Public facilities

A Beaconite appreciates the work that Dean “Sportsman” Greenaway recently put in through social media to show the state of public recreation facilities in the territory. Though some have recently been resurfaced and have sheltered bleachers, far too many are seriously dilapidated, with poor lighting and overgrown vegetation. Many lack restroom facilities, while others are far too unsanitary to use. How is it not possible to find the resources for the basic maintenance of public facilities in a $400 million budget? The Beaconite has heard from residents repeatedly about the disappointment of athletes — especially young ones — who lack the support they need to excel in sports. While motorcades and other celebrations are fantastic and well-deserved demonstrations of support, such gestures are not enough on their own. Courts and fields need attention if leaders want to promote the health of future generations.


Ferry plan

Efforts have been made recently in cutting down traffic in Road Town and making it more pedestrian-friendly. The recent park-and-ride electric shuttles are a good effort toward that end, but the waterways around Tortola remain an underused tool. A Beaconite was interested to read recently in the Cayman Compass newspaper that the island of Grand Cayman is experimenting with transporting commuters by ferry. A 35-passenger boat now takes commuters from residential areas in the central part of the island to the Camana Bay commercial district in the west, a 15-minute ride that sees passengers zipping past traffic and cutting their commute time significantly. Although the boat only travels twice a day, the company that operates it hopes to expand the service. The Beaconite believes a similar service here would have success taking commuters from East End, for example, all the way to the cruise pier or somewhere nearby. Many sister islands residents already commute by ferry. Perhaps there are already ferry services operating in the territory with suitable vessels interested in taking on this route.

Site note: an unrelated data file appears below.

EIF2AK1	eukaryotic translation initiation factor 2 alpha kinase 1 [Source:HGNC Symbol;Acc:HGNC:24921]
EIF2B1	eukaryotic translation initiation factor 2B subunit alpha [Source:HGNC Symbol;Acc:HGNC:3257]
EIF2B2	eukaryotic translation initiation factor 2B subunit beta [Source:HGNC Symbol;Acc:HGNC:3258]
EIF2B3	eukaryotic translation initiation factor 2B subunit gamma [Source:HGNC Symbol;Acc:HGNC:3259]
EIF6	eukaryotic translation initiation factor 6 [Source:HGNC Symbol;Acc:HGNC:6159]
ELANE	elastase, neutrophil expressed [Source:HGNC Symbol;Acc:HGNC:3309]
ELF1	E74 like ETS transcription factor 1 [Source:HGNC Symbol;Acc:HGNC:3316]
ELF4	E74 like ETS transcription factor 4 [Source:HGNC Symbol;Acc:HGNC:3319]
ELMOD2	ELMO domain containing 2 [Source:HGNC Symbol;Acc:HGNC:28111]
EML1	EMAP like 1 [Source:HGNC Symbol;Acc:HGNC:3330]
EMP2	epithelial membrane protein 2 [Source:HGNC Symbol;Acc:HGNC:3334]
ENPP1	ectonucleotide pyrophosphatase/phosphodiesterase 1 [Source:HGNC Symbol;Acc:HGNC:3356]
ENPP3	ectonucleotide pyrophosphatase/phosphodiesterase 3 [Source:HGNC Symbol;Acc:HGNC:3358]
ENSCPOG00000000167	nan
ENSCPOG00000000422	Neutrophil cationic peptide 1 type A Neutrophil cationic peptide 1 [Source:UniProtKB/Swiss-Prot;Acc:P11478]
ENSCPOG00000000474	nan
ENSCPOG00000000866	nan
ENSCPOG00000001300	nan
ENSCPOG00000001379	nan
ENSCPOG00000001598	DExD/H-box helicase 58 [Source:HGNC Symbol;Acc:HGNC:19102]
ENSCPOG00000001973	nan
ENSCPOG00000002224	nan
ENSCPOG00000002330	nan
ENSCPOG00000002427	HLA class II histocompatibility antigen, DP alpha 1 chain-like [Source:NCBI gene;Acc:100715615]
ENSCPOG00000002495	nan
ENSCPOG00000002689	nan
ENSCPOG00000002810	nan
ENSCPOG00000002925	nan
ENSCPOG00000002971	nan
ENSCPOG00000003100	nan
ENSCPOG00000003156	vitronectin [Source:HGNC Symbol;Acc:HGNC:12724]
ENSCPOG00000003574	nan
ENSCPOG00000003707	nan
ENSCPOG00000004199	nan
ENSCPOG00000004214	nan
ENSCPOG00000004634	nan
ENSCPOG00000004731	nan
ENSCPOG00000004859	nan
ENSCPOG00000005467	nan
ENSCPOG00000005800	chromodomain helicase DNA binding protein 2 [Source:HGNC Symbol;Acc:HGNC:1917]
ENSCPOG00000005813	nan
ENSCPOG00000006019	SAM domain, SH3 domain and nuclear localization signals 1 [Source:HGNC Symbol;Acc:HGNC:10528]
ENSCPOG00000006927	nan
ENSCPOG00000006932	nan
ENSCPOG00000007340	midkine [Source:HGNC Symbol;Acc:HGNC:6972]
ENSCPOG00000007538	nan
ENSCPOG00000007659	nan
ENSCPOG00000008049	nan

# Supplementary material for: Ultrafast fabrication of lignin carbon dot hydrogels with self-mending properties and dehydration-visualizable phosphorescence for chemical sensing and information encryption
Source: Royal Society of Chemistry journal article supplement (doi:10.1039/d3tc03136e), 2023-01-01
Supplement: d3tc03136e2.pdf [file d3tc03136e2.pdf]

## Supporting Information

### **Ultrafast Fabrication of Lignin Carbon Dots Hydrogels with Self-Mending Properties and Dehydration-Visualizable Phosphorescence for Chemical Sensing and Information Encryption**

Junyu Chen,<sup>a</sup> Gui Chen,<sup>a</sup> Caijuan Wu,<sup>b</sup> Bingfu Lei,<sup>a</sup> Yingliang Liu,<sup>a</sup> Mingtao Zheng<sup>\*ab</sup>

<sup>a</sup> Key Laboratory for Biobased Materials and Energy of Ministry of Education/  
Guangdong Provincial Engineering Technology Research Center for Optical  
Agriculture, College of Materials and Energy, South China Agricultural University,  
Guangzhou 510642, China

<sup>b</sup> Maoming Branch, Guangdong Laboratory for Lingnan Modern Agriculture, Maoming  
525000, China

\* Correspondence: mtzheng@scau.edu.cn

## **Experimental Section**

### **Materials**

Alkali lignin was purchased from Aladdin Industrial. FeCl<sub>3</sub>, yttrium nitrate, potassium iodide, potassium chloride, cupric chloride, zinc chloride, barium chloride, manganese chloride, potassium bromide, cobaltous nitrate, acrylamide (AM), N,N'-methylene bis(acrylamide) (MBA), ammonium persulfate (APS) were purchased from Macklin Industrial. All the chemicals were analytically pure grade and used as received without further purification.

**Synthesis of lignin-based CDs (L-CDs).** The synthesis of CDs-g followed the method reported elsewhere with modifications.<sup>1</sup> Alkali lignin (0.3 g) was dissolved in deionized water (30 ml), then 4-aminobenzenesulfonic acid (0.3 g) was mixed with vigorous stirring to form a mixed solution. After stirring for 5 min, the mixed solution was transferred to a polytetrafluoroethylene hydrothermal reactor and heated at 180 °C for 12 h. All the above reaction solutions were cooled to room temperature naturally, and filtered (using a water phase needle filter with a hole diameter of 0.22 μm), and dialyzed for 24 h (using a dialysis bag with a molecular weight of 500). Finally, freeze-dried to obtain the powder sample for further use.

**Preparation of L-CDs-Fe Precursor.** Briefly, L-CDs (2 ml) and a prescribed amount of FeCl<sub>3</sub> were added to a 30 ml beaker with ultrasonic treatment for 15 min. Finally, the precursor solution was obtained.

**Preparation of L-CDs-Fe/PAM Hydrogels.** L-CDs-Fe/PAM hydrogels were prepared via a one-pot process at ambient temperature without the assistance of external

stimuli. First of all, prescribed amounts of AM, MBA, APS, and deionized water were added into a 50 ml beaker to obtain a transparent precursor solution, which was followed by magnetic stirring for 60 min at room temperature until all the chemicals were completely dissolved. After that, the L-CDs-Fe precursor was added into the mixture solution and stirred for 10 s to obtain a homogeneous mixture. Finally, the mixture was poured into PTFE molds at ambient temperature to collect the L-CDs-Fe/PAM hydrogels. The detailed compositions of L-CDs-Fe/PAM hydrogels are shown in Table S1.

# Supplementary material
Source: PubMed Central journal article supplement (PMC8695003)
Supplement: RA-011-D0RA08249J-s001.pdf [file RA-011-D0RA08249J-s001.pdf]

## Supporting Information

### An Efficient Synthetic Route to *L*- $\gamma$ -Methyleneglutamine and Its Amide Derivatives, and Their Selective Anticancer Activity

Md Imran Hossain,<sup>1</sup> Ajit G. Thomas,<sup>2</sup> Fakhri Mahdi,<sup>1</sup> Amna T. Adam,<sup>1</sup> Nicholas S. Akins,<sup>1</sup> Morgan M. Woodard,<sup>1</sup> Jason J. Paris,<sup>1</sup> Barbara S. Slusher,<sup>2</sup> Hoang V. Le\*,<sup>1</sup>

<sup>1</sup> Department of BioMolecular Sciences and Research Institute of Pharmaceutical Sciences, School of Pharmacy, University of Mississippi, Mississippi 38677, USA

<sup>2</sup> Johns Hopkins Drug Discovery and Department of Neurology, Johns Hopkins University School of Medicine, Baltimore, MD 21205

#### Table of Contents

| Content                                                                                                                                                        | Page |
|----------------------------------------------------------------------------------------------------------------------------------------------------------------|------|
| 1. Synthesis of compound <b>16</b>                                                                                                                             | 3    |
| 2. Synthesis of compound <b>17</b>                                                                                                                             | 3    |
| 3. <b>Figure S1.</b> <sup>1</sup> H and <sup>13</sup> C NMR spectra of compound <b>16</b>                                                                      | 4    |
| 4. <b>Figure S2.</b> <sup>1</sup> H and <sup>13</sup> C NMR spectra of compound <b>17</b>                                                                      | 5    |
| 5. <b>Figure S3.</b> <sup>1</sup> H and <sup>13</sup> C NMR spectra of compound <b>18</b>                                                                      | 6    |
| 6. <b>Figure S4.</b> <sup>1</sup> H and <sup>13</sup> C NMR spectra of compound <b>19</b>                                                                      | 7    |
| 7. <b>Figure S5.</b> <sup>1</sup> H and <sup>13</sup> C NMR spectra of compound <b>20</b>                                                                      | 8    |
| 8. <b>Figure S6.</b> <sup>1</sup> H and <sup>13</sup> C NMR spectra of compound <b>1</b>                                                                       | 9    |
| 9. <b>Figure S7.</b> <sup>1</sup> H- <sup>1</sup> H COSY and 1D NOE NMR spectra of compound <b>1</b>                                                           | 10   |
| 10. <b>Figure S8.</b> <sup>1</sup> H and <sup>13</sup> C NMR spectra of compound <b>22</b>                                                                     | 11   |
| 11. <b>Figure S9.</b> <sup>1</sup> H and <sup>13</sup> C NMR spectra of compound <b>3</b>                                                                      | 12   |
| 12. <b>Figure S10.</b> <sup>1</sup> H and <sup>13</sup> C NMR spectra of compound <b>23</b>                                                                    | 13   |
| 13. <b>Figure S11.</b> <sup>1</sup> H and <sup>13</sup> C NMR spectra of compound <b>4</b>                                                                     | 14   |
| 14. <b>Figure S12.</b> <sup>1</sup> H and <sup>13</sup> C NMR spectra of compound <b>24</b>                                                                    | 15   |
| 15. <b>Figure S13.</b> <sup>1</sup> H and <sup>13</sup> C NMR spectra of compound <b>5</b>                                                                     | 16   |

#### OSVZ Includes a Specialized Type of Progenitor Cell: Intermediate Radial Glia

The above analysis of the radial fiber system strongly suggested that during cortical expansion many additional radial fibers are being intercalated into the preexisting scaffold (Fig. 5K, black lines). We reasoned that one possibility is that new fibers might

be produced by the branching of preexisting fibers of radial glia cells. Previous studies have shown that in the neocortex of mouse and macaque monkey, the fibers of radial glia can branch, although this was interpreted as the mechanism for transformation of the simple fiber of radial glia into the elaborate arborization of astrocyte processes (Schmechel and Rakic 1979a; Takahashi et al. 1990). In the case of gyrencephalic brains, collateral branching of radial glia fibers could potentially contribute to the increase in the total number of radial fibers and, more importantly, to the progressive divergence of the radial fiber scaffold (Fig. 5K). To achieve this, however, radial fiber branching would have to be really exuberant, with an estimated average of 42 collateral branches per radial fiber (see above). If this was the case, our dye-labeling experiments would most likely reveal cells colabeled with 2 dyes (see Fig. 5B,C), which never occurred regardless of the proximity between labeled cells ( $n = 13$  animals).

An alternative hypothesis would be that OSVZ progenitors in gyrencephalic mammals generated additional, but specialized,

Press conferences

A Beaconite is glad to see the premier host press conferences more often in recent weeks, fielding wide-ranging questions from the media alongside other government ministers. But she can’t help but wish that such transparency had started a lot sooner — instead of just a few months before the upcoming elections. The reporter began working as a journalist in the territory alongside the current administration. Her first story was a Virgin Islands Party rally just weeks before the elections in 2019. During her three years as a reporter, neither she nor her colleagues were ever given a sit-down interview with the premier, despite many attempts and many empty promises. While she is happy to take up the opportunity now to ask questions at these press conferences, she hasn’t forgotten her past experiences.



Reef monitoring

A Beaconite is happy to see a group of Virgin Islands scientists participating in a training programme to help them better monitor the territory’s coral reefs. In the absence of a government-driven programme, reef monitoring in recent years has largely fallen to non-governmental organisations and dive companies, who sometimes rely on tourists to gather data, especially on the spread of stony coral tissue loss disease. Stakeholders have also had to get creative when securing funding, and grants from the United Kingdom have funded some of the most prominent conservation projects in the recent years. But the value of the territory’s reefs far outstrips the money being spent to preserve them: A report published last month estimated that over the next 25 years, the VI’s coral reefs could contribute a value of roughly $1.3 billion to the territory’s economy. So while he is glad to know that VI biologists are learning cutting-edge strategies for tracking reef health, he worries the training might not make much difference without continuous financial support from government. Government leaders welcomed last month’s report as a way to inform policy and spending decisions. Looking at how much money healthy reefs are likely to bring in, it’s hard to see how spending money now won’t pay off down the line.